This non-fiction narrative recounts one of the worst maritime disasters in history, the sinking of Le Joola – which tore at the soul of a country. Patrick Wiley’s interviews with survivors and extensive in-country research revealed the shameful loss of life and incredible accounts of survival that form the heart of the book.
“The Sinking of the MV Le Joola” –
Non-Fiction Narrative on one of the worst Maritime Accidents in History, the sinking of the West African, Senegal ferry MV Le Joola.
by Pat Wiley
PUBLISHED: SELF-PUBLISHED BY AUTHOR
Available in print and ebook format.
At eleven o’clock, the Joola was seventeen miles off the African coast—eight hours away from her scheduled arrival in Dakar. The rain had stopped but she was still in the grip of the squall. Lightning flashes illuminated an angry sea in the black void surrounding the ship. Wind and waves were lashing into the starboard beam as it steamed through the night with the conspicuous list to the port side. Minutes before, the hard rain had driven most of the passengers from the upper deck. A few small groups remained—some enjoying the spectacle of the storm, others preferring the cool air to the sweltering conditions inside. Many were still jammed in the stairwell—trying to get down into the crowded restaurant. Big seas were now aggravating the list and the Joola began rolling farther to her port side. Still, most thought it wasn’t excessive—at least not to the extent to trigger alarm. There was no indication of passengers becoming frightened. The singing and dancing continued in the restaurant—packed with students and partying passengers for whom the night was still young.
Down below in the third-class compartments, passengers were far more insulated from what was happening outside. Their primary concern was trying to get comfortable in their overcrowded quarters and dealing with the stifling heat. Most eyes were glued to the television, unaware of any deteriorating conditions affecting the Joola.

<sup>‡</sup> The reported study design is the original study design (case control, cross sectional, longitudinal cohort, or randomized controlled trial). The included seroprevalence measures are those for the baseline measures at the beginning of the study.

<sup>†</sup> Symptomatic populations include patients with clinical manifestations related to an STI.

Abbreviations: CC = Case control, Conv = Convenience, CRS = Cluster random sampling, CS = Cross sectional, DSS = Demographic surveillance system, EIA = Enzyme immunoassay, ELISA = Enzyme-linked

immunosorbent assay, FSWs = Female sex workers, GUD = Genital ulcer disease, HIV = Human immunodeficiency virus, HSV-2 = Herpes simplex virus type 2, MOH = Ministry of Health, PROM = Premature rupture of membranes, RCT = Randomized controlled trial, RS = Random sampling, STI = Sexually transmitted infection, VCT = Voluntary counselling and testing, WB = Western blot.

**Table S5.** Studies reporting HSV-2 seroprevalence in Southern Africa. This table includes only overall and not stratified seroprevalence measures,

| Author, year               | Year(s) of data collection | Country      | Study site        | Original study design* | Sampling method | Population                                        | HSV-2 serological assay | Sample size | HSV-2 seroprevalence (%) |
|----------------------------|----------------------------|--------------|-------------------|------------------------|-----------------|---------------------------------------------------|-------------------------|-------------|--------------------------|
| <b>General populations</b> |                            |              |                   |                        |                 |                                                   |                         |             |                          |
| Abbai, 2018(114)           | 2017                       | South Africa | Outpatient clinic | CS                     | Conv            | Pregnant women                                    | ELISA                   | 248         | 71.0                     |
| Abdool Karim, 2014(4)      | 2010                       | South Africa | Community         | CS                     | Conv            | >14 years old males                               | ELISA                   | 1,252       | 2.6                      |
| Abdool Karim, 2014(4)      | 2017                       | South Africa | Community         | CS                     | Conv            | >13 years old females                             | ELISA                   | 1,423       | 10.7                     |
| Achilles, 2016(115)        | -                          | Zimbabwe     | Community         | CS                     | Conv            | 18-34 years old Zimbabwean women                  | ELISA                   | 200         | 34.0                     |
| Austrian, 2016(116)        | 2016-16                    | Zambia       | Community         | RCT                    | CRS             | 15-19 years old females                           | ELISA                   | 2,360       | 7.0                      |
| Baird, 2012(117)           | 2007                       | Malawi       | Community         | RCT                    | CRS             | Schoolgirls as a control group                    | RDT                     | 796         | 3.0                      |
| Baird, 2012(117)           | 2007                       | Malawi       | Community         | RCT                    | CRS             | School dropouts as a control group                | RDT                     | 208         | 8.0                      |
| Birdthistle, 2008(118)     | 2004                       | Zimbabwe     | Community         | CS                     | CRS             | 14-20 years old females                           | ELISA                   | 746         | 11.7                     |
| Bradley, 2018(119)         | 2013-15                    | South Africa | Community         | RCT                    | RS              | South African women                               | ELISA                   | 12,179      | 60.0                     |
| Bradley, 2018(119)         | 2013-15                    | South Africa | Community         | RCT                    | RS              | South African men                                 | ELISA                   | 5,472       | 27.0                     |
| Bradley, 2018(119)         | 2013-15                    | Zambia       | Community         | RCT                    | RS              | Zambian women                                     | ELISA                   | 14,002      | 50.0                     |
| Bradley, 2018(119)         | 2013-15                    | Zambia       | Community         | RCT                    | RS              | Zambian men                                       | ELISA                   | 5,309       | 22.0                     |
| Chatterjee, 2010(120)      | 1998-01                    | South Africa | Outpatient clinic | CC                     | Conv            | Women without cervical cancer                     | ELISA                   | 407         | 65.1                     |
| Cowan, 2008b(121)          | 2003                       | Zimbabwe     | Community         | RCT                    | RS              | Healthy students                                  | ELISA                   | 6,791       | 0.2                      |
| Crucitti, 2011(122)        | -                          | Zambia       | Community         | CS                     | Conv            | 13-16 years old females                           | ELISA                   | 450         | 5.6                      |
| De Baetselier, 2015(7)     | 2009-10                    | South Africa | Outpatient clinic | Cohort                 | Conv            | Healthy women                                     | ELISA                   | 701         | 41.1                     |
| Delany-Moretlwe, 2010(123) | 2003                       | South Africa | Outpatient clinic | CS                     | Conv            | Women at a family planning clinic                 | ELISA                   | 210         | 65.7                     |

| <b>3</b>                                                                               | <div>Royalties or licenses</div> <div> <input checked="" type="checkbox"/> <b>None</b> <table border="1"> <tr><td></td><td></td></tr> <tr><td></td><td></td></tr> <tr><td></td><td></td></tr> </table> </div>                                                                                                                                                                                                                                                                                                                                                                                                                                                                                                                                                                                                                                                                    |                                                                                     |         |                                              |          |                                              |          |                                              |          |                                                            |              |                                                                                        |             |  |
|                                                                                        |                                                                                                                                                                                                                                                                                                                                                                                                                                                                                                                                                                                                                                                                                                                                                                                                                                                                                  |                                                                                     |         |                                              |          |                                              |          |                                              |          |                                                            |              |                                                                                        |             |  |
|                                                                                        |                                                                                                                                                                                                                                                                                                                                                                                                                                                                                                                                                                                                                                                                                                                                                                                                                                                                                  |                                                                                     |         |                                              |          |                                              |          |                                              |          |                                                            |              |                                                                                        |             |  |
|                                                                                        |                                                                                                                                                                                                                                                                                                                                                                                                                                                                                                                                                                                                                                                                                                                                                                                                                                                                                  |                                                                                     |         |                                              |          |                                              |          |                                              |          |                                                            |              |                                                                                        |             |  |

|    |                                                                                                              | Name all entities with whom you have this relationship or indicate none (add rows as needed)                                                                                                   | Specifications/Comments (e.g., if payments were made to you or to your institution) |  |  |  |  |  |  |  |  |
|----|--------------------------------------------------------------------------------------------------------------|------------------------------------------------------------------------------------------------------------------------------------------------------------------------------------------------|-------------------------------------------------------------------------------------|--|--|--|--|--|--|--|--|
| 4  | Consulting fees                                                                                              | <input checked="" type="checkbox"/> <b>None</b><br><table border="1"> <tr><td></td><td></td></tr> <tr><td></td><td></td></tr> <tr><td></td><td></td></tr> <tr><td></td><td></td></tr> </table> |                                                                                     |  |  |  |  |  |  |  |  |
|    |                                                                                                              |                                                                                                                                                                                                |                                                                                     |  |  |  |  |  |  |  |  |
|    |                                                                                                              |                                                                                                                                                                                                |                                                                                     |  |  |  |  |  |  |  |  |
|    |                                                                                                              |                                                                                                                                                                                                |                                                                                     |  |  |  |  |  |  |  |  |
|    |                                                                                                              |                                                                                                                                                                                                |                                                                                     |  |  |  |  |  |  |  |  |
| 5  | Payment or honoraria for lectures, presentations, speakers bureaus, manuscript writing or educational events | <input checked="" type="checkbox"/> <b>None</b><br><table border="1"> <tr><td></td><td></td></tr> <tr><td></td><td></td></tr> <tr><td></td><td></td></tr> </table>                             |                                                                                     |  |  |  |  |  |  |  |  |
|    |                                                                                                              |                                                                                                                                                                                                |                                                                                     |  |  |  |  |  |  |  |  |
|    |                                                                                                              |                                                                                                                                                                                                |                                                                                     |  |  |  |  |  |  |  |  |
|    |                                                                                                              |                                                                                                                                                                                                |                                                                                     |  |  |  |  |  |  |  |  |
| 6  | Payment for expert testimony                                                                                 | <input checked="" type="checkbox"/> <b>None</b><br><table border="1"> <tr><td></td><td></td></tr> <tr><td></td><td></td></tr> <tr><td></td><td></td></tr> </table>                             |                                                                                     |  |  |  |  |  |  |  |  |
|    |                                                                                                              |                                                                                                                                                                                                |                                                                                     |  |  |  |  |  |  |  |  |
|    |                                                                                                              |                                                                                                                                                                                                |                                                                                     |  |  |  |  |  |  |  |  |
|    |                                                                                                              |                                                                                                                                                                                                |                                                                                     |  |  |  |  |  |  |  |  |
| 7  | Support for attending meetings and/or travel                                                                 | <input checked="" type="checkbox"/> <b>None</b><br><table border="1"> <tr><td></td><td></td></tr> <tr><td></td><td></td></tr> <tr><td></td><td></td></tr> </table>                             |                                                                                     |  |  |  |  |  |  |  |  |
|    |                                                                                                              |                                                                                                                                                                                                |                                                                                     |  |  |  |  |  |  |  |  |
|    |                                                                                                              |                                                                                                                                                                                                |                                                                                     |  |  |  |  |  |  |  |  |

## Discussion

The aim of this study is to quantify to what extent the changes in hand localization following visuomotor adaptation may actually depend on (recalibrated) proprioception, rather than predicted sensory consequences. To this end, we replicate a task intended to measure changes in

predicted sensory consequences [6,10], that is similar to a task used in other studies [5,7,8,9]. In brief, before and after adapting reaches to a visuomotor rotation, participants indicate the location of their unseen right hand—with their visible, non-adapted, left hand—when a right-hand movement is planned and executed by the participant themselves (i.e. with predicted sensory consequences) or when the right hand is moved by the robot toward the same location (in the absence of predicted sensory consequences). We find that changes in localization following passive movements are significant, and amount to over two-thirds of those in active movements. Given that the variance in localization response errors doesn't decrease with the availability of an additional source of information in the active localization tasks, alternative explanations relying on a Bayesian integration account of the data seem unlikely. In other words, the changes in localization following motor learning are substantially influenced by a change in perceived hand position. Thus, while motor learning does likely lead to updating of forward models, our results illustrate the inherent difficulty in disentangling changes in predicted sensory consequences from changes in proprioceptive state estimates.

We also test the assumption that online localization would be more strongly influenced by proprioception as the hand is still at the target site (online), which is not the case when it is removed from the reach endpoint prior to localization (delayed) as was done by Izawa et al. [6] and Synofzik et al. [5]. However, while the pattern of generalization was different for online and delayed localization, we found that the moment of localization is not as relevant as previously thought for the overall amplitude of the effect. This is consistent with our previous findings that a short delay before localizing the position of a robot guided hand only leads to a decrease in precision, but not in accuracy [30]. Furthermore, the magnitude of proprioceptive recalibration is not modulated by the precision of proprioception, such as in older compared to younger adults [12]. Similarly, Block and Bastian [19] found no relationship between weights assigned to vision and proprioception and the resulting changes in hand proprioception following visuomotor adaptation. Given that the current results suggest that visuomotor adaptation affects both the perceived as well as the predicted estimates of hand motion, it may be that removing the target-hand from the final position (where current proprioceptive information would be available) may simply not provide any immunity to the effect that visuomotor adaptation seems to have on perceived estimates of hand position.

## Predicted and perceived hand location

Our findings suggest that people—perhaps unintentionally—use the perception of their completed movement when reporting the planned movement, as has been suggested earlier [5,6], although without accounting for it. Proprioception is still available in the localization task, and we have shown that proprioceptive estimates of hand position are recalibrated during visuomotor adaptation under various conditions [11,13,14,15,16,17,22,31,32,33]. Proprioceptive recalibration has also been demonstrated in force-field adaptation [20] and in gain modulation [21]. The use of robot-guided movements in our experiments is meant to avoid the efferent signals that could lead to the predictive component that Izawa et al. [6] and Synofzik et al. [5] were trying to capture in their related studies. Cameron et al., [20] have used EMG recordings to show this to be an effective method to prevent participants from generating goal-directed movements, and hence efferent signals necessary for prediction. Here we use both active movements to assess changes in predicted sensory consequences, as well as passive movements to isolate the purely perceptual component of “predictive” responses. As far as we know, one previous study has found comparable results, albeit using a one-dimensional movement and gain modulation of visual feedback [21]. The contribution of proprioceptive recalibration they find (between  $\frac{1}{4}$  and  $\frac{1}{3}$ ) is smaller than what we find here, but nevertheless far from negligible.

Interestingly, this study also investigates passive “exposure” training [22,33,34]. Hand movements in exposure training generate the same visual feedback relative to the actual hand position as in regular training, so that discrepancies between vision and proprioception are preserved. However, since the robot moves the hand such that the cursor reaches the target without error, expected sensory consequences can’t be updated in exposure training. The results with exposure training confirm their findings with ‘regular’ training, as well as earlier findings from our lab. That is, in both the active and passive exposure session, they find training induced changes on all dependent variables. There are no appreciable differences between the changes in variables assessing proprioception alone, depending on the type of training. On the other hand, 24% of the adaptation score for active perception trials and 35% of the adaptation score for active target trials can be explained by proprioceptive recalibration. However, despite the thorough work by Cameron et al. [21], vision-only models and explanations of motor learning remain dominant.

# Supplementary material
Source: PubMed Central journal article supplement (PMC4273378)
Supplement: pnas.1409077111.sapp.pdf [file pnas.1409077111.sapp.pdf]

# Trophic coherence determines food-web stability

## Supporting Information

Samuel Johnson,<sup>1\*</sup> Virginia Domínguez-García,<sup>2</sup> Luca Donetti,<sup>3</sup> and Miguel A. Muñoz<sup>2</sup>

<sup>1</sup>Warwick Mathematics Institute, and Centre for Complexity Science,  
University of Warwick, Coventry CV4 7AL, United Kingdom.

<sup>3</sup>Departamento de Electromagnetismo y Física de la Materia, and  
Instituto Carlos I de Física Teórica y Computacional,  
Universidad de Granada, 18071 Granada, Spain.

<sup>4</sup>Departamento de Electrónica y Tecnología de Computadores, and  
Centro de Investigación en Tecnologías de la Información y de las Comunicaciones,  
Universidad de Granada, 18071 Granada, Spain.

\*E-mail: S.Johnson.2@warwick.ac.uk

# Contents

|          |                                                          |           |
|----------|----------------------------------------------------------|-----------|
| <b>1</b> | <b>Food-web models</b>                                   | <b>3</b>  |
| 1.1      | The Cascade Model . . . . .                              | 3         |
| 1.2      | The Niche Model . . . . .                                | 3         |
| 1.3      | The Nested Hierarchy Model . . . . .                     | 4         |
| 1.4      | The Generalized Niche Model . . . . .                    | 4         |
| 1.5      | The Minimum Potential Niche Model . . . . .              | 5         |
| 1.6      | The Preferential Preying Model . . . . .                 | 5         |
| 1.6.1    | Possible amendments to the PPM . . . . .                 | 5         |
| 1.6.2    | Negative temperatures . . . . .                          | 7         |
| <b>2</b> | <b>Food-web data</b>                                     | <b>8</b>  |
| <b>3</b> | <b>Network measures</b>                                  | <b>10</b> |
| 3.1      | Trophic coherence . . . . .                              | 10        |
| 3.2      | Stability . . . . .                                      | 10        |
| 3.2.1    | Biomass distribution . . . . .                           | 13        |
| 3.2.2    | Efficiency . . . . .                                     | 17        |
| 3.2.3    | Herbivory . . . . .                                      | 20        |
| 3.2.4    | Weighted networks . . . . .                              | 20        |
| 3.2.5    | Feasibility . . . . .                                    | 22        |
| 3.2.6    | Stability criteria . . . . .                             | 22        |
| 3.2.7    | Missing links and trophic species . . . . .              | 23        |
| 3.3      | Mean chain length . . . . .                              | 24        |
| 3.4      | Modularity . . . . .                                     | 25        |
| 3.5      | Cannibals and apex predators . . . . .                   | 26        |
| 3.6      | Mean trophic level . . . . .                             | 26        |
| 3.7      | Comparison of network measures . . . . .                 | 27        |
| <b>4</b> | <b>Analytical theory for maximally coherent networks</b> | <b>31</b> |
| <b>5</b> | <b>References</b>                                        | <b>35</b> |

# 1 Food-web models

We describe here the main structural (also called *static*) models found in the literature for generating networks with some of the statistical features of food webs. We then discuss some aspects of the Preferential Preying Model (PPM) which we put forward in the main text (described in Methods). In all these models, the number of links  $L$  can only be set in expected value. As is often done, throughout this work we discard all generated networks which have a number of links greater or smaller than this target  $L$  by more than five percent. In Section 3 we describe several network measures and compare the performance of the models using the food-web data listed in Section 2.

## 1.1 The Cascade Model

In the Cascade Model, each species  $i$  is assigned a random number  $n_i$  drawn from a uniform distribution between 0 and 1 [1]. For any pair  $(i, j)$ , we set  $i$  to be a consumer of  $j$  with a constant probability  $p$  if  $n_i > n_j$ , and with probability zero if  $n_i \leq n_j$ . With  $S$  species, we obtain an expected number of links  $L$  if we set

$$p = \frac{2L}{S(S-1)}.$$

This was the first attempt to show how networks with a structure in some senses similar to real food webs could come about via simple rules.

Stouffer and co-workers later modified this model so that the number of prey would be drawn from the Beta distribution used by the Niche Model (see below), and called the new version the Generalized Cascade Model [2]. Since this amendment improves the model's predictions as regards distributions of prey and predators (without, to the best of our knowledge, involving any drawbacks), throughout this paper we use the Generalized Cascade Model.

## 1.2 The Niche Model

After the rain stopped, strong gusts from the squall continued to howl through the superstructure. Six to nine foot white-capped waves were charging across the sea. Ben Bechir Badji and others on the top deck could see them rolling into and underneath the ship. The Joola’s radar, if it were operating, would have allowed the crew to track the approaching storm and the pilothouse provided a good view of the worsening weather conditions, but there was nothing about the seas and wind to cause alarm—unless the crew was aware the Joola’s stability had been seriously compromised.
Squalls were common this time of year—the crew had been through them before. This time, however, everything was adding up wrong. The boat listing to port was testimony to the fact that something was out of order with either cargo loading or ballast. Having only one engine running further compounded the problem, and limited the crew’s options to respond to an emergency. The crew should have noticed that the seas were coming on the starboard side and aggravating the list. But what happened next, at 11pm, was so unexpected; it was a shock to both passengers and crew.
The Joola, suddenly, began listing further and further onto her side. There was no warning from the crew…no one saw, heard, or felt anything…other than the terrifying sensation of the deck slipping out from under them. At first, when passengers felt the steep incline of the deck, they thought it was a rolling motion from the waves—praying the ship would roll back. Passengers near the cargo deck heard the rumble of vehicles sliding and crashing onto the port bulkheads. The Joola continued to heel…higher and higher…exposing her flat bottom hull to the surging waves.
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